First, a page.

Monday, October 8, 2012

No Easy Day : Book Review

No Easy Day, by Mark Owen, member of SEAL team 6 that killed Osama Bin Laden, is not for those who expect to know the details of what happened to the corpse of UBL (as Osama Bin Laden was called by American military). It is also not for those who would want details of how ‘The Pacer’ (a nickname assigned to Bin Laden for walking for long duration in his Abbottabad house) was found. No Easy Day is not for those seeking gory details of the end of worlds most wanted terrorist.

The book is written in average grade English, with lot of military terminologies, some photographs thrown in and what can be best described, in a non sensational manner. The book begins with the author declaring that none of the information shared has been away from public knowledge and which has been is non threatening to their army.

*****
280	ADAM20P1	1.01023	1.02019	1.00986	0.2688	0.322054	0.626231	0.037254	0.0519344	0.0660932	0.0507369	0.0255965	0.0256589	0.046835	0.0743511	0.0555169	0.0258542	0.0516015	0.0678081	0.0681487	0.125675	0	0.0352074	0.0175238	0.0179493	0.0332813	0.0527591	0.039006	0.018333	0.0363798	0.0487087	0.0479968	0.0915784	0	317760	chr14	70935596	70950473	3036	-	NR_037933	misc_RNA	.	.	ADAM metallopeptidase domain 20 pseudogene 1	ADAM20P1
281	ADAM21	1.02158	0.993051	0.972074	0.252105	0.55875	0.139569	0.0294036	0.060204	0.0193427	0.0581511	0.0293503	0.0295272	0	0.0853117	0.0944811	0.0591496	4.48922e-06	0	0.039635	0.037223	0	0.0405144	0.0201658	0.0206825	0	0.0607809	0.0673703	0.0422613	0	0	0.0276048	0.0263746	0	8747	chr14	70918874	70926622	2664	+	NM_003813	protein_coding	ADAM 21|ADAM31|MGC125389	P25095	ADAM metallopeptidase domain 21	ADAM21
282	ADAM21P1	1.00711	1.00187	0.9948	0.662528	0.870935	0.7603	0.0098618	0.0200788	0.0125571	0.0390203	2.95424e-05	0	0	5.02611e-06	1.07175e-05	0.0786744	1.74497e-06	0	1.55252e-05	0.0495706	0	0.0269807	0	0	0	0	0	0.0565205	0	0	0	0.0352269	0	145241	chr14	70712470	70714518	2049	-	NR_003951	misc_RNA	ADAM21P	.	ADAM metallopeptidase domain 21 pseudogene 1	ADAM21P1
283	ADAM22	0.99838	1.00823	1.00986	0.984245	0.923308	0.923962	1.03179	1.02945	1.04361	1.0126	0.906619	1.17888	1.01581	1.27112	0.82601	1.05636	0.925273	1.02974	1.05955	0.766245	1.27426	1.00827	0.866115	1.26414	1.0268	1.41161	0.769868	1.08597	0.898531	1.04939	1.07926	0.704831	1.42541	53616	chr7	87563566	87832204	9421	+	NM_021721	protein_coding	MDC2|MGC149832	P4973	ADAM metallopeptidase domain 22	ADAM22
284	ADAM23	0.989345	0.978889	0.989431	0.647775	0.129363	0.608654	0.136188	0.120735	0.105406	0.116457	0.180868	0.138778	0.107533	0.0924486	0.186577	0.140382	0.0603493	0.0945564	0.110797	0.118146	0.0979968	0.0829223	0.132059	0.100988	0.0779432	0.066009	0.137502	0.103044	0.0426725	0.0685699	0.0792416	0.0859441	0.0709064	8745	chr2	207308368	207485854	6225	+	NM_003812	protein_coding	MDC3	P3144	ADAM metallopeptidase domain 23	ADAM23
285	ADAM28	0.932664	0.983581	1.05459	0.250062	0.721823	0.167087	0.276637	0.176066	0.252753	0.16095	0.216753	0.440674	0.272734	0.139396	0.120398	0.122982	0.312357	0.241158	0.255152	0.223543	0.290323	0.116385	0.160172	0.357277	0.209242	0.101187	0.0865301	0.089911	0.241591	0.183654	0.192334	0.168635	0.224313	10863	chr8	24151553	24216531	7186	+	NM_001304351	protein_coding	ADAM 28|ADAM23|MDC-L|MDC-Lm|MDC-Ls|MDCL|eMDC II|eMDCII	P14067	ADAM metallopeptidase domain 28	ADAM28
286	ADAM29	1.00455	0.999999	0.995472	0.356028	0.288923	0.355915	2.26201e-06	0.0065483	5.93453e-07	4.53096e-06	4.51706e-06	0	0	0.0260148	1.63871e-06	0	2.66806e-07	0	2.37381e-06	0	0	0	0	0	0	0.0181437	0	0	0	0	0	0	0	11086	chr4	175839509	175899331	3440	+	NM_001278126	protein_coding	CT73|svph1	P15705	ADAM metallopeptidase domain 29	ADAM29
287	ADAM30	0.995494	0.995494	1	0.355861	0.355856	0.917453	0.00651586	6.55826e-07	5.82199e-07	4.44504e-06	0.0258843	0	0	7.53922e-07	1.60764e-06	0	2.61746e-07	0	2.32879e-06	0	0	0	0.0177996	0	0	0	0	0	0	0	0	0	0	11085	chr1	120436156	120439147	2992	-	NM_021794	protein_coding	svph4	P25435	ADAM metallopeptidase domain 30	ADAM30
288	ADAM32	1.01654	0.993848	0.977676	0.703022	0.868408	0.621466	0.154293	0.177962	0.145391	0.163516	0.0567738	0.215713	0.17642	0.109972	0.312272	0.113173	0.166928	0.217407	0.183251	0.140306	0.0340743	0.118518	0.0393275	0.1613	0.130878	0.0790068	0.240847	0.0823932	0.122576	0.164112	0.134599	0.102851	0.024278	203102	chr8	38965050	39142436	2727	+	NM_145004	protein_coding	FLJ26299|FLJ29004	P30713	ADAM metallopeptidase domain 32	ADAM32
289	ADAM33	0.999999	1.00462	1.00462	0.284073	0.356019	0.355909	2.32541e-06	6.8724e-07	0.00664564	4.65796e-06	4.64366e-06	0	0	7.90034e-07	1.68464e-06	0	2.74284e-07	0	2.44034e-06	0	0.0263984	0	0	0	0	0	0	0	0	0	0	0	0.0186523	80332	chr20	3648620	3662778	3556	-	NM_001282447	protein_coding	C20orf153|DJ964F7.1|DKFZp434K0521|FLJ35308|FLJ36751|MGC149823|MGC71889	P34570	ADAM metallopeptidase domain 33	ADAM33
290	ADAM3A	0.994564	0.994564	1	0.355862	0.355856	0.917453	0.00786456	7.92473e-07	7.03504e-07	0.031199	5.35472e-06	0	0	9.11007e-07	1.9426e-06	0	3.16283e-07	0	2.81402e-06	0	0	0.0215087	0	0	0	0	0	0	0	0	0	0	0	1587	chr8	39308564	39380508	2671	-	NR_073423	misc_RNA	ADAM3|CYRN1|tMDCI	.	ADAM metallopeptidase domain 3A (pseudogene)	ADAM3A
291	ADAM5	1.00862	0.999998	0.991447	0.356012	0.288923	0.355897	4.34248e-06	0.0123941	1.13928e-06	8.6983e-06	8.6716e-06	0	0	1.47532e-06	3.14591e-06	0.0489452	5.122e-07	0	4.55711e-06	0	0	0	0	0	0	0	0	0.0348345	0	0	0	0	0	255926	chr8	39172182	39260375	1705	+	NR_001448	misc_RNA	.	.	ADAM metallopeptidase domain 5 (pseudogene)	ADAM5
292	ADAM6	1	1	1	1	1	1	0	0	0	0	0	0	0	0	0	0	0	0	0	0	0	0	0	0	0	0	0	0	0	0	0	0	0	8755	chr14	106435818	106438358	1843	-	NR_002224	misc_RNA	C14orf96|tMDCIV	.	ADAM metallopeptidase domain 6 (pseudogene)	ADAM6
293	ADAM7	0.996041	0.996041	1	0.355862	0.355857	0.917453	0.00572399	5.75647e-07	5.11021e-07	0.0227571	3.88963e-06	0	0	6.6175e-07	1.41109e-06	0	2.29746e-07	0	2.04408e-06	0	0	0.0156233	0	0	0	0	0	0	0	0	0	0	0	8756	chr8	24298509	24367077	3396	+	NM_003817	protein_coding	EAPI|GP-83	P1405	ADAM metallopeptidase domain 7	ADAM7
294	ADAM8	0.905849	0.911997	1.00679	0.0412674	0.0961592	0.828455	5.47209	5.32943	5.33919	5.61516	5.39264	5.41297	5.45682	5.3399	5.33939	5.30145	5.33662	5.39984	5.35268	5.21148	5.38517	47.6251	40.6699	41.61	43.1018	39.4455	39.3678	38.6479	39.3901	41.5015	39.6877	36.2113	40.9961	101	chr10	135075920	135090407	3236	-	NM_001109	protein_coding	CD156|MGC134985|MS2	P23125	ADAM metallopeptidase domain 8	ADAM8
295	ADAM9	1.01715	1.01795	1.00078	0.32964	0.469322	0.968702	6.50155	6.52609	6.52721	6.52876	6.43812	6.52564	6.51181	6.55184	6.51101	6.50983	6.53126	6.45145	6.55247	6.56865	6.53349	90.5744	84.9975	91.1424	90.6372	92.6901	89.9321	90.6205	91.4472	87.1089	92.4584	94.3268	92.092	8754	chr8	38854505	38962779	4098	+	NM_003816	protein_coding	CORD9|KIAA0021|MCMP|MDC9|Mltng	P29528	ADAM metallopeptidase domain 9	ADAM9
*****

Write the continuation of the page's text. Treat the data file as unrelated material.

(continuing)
A major part of the book has been spent in describing missions by the author in Iraq and Afghanistan. For enthusiasts it is a good read on how these missions are carried out and one can compare them to the action movies that are made. Extreme details regarding finding Bin Laden in Pakistan is not shared, however CIA’s immaculate intelligence has been given lots of space.

The helicopter crash incidence, the bombed Black Hawk, has been described well and is good to know since it was veiled. The author has delved little bit into the politics of the mission, which is a welcome addition. There is no graphic detail of who fired the shot into the head of Osama, but details of how the body was carried to Bagram air base (one of the SEAL sat on the chest of Osama Bin Laden, for the lack of space), makes for the interesting parts of the book.

Overall it is an average book. It might dispel some theories, scandalizing ones, about the killing of Osama Bin Laden, but it does not have much that has not been in public domain. However the appreciable part is exactly that. It is a mission viewed through the goggles (and the 65,000 dollars night vision goggles) of a member of the US Navy SEAL.

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